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Decision resolves conflicting appellate rulings

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An offense of attempted dissemination of matter harmful to minors can be committed when a defendant attempts to transmit prohibited matter by the Internet to an adult police detective posing as a minor, the Indiana Supreme Court ruled Tuesday.

The high court granted transfer to Andrew King v. State of Indiana, No. 49S04-0911-CR-507, to resolve a conflict in Indiana Court of Appeals decisions in Alpin v. State, 889 N.E.2d 882 (Ind. Ct. App. 2008), and Gibbs v. State, 898 N.E.2d 1240 (Ind. Ct. App. 2008). King argued there was insufficient evidence to support his conviction of attempted dissemination of matter harmful to minors because the material was actually received by an adult police officer. He claimed because it's not a crime to send such material over the Internet to someone who is over 18, it isn't a crime to attempt to engage in that activity. King also argued that subsection (b)(3) of the dissemination statute operates to exempt the statute from the general attempt statute and indicates the legislature's intent to not criminalize the transmission unless the recipient is actually a minor.

The justices examined the statutes defining attempt and dissemination of matter or conducting performance harmful to minors and upheld King's conviction. The general attempt statute applies to dissemination of matter harmful to minors and the crime of attempted dissemination isn't precluded when the intended minor recipient is actually an adult, wrote Justice Brent Dickson. The essence of an attempt is that one or more elements of an offense are not fully satisfied, but a defendant still has taken a substantial step toward the offense while acting with the requisite intent of that offense. If each of the elements of an offense is fully satisfied, the charged offense will be the offense, not an attempt of that offense.

In King's case, he sent the inappropriate matter to someone he thought was younger than 18 years old. The only element not met for the offense of disseminating matter harmful to minors is that the recipient was not younger than 18. Because the recipient was not a minor, the defendant was charged with attempted dissemination, rather than dissemination, of matter harmful to minors, wrote Justice Dickson.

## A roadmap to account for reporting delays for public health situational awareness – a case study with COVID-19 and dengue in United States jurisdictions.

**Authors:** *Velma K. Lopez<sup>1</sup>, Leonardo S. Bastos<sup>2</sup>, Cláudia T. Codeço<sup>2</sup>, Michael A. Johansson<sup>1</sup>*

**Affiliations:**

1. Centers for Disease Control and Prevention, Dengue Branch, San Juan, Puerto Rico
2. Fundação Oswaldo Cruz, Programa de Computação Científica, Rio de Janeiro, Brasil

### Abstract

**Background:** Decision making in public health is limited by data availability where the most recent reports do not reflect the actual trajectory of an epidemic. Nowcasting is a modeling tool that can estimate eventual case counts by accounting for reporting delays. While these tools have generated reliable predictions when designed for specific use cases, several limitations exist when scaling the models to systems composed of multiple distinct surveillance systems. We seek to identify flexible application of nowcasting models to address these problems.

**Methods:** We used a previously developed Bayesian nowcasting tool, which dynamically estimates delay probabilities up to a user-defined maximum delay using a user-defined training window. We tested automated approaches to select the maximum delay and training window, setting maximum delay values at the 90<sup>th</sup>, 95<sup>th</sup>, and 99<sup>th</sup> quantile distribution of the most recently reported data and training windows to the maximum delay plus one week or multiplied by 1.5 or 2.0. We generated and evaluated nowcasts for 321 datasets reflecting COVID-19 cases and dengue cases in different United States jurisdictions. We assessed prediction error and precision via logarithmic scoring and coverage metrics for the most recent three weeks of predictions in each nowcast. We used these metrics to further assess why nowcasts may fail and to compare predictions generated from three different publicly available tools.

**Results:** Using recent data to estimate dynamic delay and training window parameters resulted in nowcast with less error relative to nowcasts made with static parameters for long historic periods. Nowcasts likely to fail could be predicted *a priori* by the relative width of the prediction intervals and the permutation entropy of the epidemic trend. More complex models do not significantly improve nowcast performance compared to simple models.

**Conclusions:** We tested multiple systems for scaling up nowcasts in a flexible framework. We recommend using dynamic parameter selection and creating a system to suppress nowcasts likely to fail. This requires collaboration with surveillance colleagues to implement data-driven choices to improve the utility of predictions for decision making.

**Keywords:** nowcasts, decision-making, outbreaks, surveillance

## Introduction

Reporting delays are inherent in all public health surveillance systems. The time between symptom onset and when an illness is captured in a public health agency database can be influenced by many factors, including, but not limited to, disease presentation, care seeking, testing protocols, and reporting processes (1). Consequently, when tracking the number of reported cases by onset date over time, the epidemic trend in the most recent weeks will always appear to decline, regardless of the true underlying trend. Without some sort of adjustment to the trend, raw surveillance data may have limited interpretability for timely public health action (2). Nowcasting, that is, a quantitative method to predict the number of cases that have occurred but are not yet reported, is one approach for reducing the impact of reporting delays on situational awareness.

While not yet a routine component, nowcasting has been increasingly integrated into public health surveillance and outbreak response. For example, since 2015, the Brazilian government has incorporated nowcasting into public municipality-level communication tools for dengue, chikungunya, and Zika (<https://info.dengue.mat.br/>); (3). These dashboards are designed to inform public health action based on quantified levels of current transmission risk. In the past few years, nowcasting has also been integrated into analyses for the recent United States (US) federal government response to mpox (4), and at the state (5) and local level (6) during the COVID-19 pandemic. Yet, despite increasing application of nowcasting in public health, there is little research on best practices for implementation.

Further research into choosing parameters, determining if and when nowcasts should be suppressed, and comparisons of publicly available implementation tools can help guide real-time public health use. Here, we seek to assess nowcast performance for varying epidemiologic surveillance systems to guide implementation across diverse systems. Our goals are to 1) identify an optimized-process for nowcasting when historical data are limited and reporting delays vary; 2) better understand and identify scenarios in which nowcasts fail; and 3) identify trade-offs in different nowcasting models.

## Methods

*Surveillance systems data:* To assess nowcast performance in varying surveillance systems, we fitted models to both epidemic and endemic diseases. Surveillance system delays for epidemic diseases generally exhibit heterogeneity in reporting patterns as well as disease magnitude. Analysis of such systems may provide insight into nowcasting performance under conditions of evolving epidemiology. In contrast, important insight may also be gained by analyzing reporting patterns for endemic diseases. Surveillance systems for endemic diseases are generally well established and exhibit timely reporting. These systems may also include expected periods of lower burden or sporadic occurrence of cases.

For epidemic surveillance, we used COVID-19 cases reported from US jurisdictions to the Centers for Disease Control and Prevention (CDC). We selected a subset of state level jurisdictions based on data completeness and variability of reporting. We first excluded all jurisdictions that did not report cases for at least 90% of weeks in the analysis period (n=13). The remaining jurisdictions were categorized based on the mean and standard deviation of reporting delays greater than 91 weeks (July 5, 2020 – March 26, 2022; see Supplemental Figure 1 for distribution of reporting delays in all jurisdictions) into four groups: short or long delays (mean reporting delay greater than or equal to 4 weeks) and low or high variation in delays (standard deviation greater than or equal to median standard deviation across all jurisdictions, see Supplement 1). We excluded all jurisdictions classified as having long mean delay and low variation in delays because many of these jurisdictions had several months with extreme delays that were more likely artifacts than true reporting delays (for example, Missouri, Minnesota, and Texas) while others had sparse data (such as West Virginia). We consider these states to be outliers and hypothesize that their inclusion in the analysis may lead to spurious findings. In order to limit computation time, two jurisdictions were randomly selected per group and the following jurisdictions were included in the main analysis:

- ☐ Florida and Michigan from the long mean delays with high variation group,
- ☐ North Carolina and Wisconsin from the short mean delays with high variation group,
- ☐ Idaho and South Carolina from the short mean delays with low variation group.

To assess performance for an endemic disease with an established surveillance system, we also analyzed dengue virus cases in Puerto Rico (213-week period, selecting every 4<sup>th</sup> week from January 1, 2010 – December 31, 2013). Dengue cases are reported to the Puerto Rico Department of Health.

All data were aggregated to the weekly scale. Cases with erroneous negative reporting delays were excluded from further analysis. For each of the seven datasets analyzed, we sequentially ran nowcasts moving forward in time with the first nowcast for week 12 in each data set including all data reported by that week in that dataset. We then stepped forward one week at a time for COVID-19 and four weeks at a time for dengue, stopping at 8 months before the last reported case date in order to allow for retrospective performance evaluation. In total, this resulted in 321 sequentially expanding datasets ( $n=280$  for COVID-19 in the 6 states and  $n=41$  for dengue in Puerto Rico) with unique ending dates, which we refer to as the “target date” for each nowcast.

As a result of their ruling, the justices disapproved and overruled Alpin and Gibbs to the extent that they may be read to prohibit convictions for attempted dissemination of matter harmful to minors where the supposed minor is actually an adult.

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  1. Well, maybe it's because they are unelected, and, they have a tendency to strike down laws by elected officials from all over the country. When you have been taught that "Democracy" is something almost sacred, then, you will have a tendency to frown on such imperious conduct. Lawyers get acculturated in law school into thinking that this is the very essence of high minded government, but to people who are more heavily than King George ever did, they may not like it. Thanks for the information.

  2. I pd for a bankruptcy years ago with Mr Stiles and just this week received a garnishment from my pay! He never filed it even though he told me he would! Don't let this guy practice law ever again!!!

  3. Excellent initiative on the part of the AG. Thankfully someone takes action against predators taking advantage of people who have already been through the wringer. Well done!

  4. Conour will never turn these funds over to his defrauded clients. He tearfully told the court, and his daughters dutifully pledged in interviews, that his first priority is to repay every dime of the money he stole from his clients. Judge Young bought it, much to the chagrin of Conour’s victims. Why would Conour need the $2,262 anyway? Taxpayers are now supporting him, paying for his housing, utilities, food, healthcare, and clothing. If Conour puts the money anywhere but in the restitution fund, he’s proved, once again, what a con artist he continues to be and that he has never had any intention of repaying his clients. Judge Young will be proven wrong... again; Conour has no remorse and the Judge is one of the many conned.

  5. Pass Legislation to require guilty defendants to pay for the costs of lab work, etc as part of court costs...

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